Yesterday I had the thought that living in light of eternity is more matter-of-fact than we often realize. It consists not so much of daily tearful goodbyes as keeping short accounts with the guy in the next cubicle; or not swearing when someone cuts me off in rush hour traffic. Heaven interlaces the workweek like cream in coffee.
Also, the idea has occurred to me that if “all this” is not preparing me for something better, it’s hardly worth it. Sanctification is very practical: it keeps us sane. Progressive life change is essential to the meaning of life—why else bittersweetness? Without spirits that can learn and grow, life would be bitter only. Why endure loss and confusion and pain if they are not invested with greater significance? If my heart is not getting stronger, why is it aching?
Pain, regret, sorrow. All can be borne because in the end, they will be translated into something else—something that gives the lie to the surface appearance of things now. Suffering and confusion, when they occur in the matrix of Christ, will be shown up as constituents exploited to a surprising end. Living in light of eternity means keeping this in mind. It means remembering that things are usually not what they seem. In the words of W.H. Auden:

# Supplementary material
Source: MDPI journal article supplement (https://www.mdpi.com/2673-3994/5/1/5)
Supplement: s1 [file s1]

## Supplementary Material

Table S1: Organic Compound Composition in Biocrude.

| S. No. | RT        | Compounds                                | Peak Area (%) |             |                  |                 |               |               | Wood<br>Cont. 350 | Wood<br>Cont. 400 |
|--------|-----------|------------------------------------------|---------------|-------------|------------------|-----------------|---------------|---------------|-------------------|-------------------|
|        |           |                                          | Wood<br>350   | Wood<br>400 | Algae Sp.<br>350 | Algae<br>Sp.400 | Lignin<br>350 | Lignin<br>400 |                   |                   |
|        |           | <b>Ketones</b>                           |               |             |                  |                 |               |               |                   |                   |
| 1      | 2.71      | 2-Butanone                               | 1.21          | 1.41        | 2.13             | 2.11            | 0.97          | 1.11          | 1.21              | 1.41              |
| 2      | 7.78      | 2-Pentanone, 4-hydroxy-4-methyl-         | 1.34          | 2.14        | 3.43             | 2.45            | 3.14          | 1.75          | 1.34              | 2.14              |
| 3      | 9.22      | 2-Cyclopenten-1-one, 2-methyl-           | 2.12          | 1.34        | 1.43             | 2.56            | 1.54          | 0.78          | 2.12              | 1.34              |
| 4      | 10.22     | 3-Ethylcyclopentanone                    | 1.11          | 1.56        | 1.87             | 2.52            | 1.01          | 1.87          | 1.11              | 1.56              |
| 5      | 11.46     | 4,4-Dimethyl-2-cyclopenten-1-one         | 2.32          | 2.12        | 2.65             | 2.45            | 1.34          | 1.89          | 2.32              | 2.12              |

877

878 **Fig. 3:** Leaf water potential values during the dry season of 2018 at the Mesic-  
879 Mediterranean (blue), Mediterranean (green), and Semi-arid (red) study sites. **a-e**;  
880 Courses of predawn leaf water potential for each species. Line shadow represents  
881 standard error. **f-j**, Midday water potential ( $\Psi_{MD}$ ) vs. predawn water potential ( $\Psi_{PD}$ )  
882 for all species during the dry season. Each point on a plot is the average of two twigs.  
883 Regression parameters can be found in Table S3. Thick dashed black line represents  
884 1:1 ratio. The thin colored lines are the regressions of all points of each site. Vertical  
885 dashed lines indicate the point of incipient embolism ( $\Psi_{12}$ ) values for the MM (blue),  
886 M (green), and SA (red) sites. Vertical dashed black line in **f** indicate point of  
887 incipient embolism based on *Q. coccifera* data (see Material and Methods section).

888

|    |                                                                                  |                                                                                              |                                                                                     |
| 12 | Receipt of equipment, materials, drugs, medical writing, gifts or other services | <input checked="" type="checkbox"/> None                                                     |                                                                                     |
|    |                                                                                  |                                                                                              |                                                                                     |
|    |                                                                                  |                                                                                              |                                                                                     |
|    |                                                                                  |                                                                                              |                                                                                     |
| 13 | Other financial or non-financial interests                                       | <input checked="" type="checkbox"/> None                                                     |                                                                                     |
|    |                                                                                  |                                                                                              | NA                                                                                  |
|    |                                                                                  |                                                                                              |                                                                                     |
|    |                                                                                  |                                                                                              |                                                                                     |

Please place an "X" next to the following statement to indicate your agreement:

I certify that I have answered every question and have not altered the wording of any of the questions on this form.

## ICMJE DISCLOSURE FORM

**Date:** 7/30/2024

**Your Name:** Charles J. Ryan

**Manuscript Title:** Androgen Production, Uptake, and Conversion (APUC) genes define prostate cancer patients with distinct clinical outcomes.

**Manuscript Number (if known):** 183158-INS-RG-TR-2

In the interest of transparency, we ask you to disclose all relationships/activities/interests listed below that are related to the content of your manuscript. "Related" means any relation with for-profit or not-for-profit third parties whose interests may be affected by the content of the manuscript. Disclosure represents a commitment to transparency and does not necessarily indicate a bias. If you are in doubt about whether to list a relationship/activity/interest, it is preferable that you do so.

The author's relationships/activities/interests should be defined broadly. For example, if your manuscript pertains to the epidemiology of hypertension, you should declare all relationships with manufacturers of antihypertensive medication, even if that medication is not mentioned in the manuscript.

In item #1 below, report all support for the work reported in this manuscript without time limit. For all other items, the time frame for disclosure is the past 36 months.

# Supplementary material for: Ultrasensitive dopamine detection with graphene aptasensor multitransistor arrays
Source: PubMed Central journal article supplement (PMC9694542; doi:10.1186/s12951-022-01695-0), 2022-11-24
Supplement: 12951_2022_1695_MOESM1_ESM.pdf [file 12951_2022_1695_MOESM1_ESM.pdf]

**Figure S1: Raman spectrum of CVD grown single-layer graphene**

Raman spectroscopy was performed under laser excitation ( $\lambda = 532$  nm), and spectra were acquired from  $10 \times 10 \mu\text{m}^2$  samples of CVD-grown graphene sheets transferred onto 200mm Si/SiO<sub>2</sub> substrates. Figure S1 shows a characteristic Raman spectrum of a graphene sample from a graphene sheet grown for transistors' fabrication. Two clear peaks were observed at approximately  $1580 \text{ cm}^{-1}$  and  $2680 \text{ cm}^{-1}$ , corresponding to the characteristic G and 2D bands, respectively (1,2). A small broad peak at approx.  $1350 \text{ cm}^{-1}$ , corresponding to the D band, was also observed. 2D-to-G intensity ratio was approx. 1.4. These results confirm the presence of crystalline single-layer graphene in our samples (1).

Behind the corpse in the reservoir, behind the ghost on the links,
Behind the lady who dances and the man who madly drinks,
Under the look of fatigue, the attack of migraine and the sigh
There is always another story, there is more than meets the eye.
Heaven’s proximity to earth means that mystery and paradox lurk at every corner, and we had better not be caught napping. This is why we work and pray hard to keep faith alive; we live insistently, as those possessing hope. Thus, the problem that can be dealt with today should be. We must acquire eyesight that pierces through mere appearance; in the words of William Blake, we must learn to “see through and not with the eye.”
At every turn, eternity accosts us with its vital expedience. Living in its light is as reasonable and everydayish as acknowledging the luminescence that waits above a haze of rain. We cannot forget it. We need heaven more than oxygen or vitamins.
So when we follow Christ down the trail he blazed, the journey is hardly spectral. Only the flimsiness of our temporary earth-experience can make it seem that way. Flesh and blood need nothing more than the glow of eternity, diffused as it is, like a flashlight turned on the cloudy earth. We need eternity now, to slowly make us who we are.